Hip dysplasiaWherever these bones come in contact, new abnormally-shaped bone will grow. It is a vicious cycle; new bone growth causes further irritation which causes more abnormal bone growth. This is what we refer to as arthritis and it is usually a very painful condition. The femoral head that once looked like a smooth billiard ball now looks more like a head of cauliflower. The acetabulum (socket) that was once deep enough to enclose the femoral head is now shallow due to the grinding away of the rim. The edge is covered with bone spurs. As the condition progresses, more new abnormal bone forms and along with it comes further pain and distortion of the bone.

There are infinite variations of abnormality - ranging from only very slight changes from normal to complete dislocation, affecting either or both the right and left hip joints. The signs of hip dysplasia usually start to show between 5 and 13 months of age and range from mild discomfort to extreme pain when using the hind limbs. Signs of hip dysplasia in young dogs are generally thought to be from small irritations or even minor fractures occurring in the bone spurs that form around the socket. Fractures may be caused by the pup’s increasing weight or exercise.
Sudden periods of discomfort usually follow prolonged activity or when the dog gets up or lies down. Later in life the signs become more consistent, noted daily regardless of activity levels. Adult dogs that are in severe
pain will usually decrease their activity. They are unwilling to run or climb stairs and, with decreased use, the muscles of their rear legs atrophy and become weakened. A few will learn to alter their gate and posture, often showing little or no signs of discomfort even though the bone changes, the arthritis of the deformed joints and chronic irritation are severe.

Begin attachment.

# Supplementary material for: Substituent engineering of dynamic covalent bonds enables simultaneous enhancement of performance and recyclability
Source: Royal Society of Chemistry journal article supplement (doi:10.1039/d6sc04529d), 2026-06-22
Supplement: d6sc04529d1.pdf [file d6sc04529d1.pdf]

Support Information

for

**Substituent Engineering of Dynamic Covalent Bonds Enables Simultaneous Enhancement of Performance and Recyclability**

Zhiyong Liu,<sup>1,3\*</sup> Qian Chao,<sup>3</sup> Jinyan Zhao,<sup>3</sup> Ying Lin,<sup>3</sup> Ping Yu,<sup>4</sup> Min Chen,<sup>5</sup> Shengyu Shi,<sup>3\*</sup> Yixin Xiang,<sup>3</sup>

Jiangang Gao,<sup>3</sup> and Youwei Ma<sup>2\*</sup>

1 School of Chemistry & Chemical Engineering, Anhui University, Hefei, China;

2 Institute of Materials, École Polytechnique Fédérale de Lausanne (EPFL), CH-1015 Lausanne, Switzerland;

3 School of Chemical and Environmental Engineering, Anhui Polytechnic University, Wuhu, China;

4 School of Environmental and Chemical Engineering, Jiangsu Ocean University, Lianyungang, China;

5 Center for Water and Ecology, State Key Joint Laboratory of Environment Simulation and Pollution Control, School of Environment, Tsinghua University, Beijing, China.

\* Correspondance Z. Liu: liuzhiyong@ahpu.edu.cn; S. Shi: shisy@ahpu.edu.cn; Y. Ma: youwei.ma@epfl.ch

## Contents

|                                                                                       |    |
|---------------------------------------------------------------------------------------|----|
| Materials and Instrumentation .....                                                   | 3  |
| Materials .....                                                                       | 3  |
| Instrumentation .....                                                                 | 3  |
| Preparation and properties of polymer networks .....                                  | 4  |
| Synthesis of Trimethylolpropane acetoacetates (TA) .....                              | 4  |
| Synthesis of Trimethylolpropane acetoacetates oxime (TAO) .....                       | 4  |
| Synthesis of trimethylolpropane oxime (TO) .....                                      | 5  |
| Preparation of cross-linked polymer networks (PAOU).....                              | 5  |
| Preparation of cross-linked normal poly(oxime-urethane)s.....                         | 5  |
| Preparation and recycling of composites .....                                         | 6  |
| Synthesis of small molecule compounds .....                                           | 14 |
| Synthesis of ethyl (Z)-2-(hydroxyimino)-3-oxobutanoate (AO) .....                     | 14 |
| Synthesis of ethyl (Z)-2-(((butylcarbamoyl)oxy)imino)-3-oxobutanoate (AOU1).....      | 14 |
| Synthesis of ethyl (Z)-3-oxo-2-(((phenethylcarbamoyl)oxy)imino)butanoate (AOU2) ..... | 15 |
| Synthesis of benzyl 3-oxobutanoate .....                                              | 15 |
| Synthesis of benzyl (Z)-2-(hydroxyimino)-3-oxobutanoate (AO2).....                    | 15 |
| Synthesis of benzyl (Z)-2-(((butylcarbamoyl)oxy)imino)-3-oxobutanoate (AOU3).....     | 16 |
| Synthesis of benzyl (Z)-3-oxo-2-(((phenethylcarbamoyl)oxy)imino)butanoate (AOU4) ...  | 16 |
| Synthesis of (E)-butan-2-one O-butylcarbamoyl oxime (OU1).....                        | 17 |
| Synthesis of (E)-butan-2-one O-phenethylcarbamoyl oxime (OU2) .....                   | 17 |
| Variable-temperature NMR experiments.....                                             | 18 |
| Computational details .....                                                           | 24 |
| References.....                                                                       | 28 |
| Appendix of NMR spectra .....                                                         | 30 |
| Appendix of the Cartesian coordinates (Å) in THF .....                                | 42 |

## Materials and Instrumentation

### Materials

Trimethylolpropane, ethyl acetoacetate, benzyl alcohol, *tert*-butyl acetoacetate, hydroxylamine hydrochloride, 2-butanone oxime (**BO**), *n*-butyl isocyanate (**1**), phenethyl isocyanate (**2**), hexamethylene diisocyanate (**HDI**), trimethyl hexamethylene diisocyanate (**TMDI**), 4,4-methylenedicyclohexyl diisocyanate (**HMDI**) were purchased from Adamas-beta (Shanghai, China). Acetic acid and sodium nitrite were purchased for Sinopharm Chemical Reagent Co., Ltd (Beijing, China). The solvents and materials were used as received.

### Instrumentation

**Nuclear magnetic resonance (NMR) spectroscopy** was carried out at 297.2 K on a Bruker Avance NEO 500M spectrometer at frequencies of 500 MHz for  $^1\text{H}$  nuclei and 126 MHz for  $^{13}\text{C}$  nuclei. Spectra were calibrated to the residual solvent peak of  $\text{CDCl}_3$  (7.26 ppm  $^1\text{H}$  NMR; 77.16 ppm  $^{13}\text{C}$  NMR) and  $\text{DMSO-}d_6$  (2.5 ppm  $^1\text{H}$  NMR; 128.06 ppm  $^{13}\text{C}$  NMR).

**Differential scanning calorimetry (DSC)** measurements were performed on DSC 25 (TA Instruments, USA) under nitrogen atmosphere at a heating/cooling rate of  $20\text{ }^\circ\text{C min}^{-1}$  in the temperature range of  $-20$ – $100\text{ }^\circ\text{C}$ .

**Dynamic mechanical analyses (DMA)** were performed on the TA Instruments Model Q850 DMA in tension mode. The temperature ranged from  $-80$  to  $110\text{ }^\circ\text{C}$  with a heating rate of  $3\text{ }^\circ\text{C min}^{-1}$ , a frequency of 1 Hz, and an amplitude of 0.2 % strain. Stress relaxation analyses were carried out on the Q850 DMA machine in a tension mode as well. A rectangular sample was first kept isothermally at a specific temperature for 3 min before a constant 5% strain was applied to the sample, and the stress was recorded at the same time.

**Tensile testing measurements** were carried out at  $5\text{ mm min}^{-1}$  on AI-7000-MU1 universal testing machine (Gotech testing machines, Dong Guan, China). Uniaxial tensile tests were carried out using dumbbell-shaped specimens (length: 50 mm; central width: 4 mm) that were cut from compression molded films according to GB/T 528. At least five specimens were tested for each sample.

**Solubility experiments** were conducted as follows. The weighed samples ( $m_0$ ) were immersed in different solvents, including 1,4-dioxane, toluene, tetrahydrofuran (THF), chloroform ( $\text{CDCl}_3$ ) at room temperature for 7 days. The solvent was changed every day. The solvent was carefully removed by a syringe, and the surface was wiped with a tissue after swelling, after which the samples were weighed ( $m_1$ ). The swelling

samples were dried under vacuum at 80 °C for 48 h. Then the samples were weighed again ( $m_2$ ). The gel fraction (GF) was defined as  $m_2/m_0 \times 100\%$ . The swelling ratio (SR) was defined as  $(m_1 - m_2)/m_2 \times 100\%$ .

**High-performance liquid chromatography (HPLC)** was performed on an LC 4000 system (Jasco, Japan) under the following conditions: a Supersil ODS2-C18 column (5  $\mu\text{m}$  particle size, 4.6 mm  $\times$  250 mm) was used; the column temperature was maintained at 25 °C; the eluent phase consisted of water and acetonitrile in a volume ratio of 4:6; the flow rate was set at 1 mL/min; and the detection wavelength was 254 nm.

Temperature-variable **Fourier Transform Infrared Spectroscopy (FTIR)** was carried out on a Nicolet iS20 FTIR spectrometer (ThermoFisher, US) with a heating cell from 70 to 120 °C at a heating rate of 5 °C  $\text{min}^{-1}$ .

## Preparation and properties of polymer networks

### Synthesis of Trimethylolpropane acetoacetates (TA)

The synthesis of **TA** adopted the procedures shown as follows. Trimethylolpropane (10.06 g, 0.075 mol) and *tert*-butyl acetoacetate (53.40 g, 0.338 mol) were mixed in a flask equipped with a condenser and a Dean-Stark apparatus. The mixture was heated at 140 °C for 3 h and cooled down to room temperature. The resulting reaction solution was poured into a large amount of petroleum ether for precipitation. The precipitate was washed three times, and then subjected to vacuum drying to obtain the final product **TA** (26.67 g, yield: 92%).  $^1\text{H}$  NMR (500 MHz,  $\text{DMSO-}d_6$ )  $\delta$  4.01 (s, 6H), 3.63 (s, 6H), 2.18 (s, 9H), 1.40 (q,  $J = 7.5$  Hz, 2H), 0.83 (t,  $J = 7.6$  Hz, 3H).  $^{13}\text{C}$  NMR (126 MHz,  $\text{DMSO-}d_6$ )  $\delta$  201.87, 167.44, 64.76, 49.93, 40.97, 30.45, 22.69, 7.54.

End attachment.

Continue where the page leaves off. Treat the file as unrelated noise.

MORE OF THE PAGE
Hip dysplasia is a disorder that has been proven, positively, to have a genetic basis. How much of a genetic origin in each case can vary – studies have shown that CHD’s heritability factor ranges from .25 to .85. A condition that is completely determined by genetics, for example gender, has a heritability factor of 1. A condition totally unaffected by genetics, for example a burn, has a heritability factor of zero. In view of this, 0.25 to 0.85 is a significant genetic contribution.

The heritability factor for a given dog is the result of a combination of the heritability factors from each parent. Simply put, if the parents are carrying genetic material for hip dysplasia, so will the offspring. The greater the genetic contribution for loose hips or malformed bone or abnormal muscle mass from the parents, the greater the chances for hip dysplasia in the offspring.

The expression of hip dysplasia in any dog has other determinants, though; genetics play only a varying role in the total picture. The effect of the developing dog’s environment (including nutrition, physical activity, even bedding) does play a role in the clinical, observable signs of hip dysplasia, although just like the genetic component
the effects of environment are variable and not completely understood. It is possible for a dog with known genetic components for hip dysplasia to not show any clinical signs of trouble if the environmental factors are favorable. So the dog can be dysplastic and not show observable signs of it until middle or old age – that is, only after it has been used for breeding.